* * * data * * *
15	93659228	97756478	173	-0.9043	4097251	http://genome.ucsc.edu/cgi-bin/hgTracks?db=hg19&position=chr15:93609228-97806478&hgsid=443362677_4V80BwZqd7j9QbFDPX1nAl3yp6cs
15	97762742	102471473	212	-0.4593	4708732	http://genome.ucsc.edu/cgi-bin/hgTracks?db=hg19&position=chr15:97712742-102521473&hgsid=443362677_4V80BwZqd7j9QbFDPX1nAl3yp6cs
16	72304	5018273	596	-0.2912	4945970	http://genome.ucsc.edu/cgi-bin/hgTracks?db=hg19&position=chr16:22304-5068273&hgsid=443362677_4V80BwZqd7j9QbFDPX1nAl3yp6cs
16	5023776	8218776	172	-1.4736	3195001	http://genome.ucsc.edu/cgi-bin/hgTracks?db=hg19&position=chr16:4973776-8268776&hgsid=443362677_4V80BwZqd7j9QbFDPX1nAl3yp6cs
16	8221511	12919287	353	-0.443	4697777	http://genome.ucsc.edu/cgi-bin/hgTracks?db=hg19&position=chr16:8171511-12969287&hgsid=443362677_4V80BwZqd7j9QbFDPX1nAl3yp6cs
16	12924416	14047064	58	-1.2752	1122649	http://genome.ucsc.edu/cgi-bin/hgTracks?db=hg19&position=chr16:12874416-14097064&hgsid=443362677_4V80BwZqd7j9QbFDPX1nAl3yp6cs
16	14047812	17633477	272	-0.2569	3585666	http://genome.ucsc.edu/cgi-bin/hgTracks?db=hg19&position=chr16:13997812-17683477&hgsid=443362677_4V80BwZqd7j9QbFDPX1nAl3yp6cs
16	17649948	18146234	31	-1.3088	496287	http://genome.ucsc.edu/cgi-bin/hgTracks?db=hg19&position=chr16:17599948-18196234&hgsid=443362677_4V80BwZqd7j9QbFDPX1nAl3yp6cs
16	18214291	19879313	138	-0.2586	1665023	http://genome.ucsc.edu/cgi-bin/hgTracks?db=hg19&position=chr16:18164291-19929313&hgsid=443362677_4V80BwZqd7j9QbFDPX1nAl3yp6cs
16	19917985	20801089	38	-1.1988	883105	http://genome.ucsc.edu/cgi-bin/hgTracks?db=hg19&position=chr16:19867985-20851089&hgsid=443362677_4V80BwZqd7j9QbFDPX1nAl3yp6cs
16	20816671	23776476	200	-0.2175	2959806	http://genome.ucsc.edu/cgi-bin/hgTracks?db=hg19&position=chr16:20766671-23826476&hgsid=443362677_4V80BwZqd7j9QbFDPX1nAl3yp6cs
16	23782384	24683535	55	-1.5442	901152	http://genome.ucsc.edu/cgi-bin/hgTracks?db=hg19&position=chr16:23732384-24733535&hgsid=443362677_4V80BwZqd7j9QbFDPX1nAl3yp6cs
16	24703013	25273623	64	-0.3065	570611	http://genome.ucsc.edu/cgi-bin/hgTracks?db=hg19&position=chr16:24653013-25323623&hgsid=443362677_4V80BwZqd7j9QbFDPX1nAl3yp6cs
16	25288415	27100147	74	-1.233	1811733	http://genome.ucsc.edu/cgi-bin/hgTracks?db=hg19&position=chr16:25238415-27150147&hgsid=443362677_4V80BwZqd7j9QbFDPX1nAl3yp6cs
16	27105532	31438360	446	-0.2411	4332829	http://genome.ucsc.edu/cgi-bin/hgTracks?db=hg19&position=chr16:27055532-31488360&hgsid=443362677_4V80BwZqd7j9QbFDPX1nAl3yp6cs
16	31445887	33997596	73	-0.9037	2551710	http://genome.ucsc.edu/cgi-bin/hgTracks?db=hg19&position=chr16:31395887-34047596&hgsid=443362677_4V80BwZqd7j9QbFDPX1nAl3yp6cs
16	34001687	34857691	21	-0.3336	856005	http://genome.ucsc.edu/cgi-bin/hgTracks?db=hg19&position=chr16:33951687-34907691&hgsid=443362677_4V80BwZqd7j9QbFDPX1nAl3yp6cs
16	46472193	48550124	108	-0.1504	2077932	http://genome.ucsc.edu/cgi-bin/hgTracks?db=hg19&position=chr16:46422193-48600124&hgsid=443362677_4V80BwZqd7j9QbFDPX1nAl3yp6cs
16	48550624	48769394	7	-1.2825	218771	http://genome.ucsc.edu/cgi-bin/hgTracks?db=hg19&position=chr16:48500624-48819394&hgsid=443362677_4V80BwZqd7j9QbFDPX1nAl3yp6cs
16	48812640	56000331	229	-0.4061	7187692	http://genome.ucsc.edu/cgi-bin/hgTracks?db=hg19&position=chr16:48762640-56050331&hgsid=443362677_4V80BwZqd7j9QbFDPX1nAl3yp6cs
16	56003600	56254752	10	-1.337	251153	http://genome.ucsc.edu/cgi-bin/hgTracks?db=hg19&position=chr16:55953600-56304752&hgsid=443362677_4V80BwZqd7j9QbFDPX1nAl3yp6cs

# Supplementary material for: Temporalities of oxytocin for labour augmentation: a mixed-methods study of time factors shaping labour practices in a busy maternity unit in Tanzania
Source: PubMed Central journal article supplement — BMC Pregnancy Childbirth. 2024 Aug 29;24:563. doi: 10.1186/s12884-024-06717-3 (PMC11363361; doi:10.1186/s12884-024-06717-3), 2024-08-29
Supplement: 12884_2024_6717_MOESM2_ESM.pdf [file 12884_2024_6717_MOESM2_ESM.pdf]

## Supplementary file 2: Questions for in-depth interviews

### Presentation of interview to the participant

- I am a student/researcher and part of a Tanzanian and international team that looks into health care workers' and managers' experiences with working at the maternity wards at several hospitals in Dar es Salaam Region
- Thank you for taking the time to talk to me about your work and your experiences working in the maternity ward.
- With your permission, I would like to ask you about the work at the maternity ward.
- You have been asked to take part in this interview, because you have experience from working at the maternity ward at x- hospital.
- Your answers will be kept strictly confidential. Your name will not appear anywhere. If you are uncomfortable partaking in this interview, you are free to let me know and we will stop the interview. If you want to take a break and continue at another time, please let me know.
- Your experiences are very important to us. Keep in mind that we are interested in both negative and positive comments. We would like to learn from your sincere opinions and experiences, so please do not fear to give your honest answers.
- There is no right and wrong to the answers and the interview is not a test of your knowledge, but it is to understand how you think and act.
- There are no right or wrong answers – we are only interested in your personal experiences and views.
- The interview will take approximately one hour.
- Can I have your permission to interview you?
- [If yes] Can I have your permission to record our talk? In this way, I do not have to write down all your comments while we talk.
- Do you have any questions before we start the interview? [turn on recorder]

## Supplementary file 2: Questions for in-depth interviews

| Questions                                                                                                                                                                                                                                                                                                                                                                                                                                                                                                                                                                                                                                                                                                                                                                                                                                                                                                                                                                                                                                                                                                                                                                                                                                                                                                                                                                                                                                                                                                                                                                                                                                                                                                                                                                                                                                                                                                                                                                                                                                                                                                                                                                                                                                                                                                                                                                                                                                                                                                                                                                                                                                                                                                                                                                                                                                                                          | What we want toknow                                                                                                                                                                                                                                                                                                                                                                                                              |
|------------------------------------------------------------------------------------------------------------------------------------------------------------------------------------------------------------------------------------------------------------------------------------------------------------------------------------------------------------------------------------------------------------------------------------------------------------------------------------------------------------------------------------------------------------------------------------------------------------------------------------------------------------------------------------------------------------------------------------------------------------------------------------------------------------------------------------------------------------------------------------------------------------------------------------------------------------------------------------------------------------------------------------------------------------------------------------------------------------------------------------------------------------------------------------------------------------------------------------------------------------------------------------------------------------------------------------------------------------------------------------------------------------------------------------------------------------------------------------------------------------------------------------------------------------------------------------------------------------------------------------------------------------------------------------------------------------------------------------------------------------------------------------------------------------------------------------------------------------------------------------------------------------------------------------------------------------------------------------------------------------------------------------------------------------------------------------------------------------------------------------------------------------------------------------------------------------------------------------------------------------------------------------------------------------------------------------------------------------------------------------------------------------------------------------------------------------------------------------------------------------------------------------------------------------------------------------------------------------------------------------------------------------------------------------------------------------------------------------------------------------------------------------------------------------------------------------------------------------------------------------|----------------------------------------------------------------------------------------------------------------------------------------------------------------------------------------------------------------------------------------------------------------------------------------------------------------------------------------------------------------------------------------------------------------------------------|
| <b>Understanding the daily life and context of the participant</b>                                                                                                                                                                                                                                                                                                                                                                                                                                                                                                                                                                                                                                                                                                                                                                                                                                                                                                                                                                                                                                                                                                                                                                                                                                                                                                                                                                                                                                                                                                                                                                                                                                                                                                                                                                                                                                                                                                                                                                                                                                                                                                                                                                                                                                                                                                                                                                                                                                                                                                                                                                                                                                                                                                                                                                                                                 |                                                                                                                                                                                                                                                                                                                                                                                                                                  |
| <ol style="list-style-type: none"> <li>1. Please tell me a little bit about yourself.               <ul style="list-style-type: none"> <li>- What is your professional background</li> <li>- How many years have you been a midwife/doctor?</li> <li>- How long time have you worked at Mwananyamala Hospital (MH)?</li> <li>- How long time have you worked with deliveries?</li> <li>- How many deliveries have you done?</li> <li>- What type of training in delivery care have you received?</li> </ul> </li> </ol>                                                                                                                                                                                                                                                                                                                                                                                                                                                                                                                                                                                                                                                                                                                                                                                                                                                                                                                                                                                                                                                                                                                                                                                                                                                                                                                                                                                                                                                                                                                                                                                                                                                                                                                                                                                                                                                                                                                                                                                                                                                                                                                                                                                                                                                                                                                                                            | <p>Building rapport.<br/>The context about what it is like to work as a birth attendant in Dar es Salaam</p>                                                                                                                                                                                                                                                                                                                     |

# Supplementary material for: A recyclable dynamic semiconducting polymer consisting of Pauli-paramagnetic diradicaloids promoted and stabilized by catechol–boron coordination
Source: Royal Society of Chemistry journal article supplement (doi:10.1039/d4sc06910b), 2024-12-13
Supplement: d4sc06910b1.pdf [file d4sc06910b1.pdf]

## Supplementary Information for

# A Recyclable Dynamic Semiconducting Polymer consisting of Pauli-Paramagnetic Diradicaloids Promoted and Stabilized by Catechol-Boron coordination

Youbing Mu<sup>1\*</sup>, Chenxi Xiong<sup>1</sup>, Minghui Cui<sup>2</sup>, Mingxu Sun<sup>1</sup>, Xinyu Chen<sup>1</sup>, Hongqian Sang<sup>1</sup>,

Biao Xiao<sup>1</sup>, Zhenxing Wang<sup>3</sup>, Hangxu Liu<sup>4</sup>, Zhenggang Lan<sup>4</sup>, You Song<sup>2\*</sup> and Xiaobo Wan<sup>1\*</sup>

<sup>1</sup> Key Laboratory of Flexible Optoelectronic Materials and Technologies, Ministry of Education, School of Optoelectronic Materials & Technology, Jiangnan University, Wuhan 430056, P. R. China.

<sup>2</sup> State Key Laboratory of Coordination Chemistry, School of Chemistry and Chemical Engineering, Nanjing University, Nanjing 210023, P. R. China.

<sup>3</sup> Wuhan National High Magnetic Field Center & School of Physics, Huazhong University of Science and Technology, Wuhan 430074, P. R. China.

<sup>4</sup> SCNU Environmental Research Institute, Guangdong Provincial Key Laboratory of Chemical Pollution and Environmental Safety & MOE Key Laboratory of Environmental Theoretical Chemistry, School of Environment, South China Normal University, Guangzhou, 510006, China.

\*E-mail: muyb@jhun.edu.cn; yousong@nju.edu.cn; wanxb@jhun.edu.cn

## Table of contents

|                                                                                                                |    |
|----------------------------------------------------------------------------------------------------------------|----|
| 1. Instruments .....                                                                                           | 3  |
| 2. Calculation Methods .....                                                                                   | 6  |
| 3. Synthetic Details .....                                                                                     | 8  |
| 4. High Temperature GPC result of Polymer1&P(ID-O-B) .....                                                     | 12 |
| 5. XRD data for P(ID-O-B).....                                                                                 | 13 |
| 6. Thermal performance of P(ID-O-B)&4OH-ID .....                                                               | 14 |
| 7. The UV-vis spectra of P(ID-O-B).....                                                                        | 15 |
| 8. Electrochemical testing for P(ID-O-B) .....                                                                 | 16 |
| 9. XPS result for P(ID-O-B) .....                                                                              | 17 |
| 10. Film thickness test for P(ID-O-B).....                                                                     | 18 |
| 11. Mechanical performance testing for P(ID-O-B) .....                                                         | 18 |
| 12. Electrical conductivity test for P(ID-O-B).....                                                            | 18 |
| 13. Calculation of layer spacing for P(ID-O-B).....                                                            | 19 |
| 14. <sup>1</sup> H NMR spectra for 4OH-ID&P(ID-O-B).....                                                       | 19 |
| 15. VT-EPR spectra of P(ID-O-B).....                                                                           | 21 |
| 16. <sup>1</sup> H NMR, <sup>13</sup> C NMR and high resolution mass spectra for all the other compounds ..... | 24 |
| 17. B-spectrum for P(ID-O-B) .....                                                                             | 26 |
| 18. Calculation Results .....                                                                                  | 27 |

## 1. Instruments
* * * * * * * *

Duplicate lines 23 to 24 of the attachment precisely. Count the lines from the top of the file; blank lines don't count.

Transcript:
Source: PubMed Central journal article supplement — BMC Pregnancy Childbirth. 2024 Aug 29;24:563. doi: 10.1186/s12884-024-06717-3 (PMC11363361; doi:10.1186/s12884-024-06717-3), 2024-08-29
Supplement: 12884_2024_6717_MOESM2_ESM.pdf [file 12884_2024_6717_MOESM2_ESM.pdf]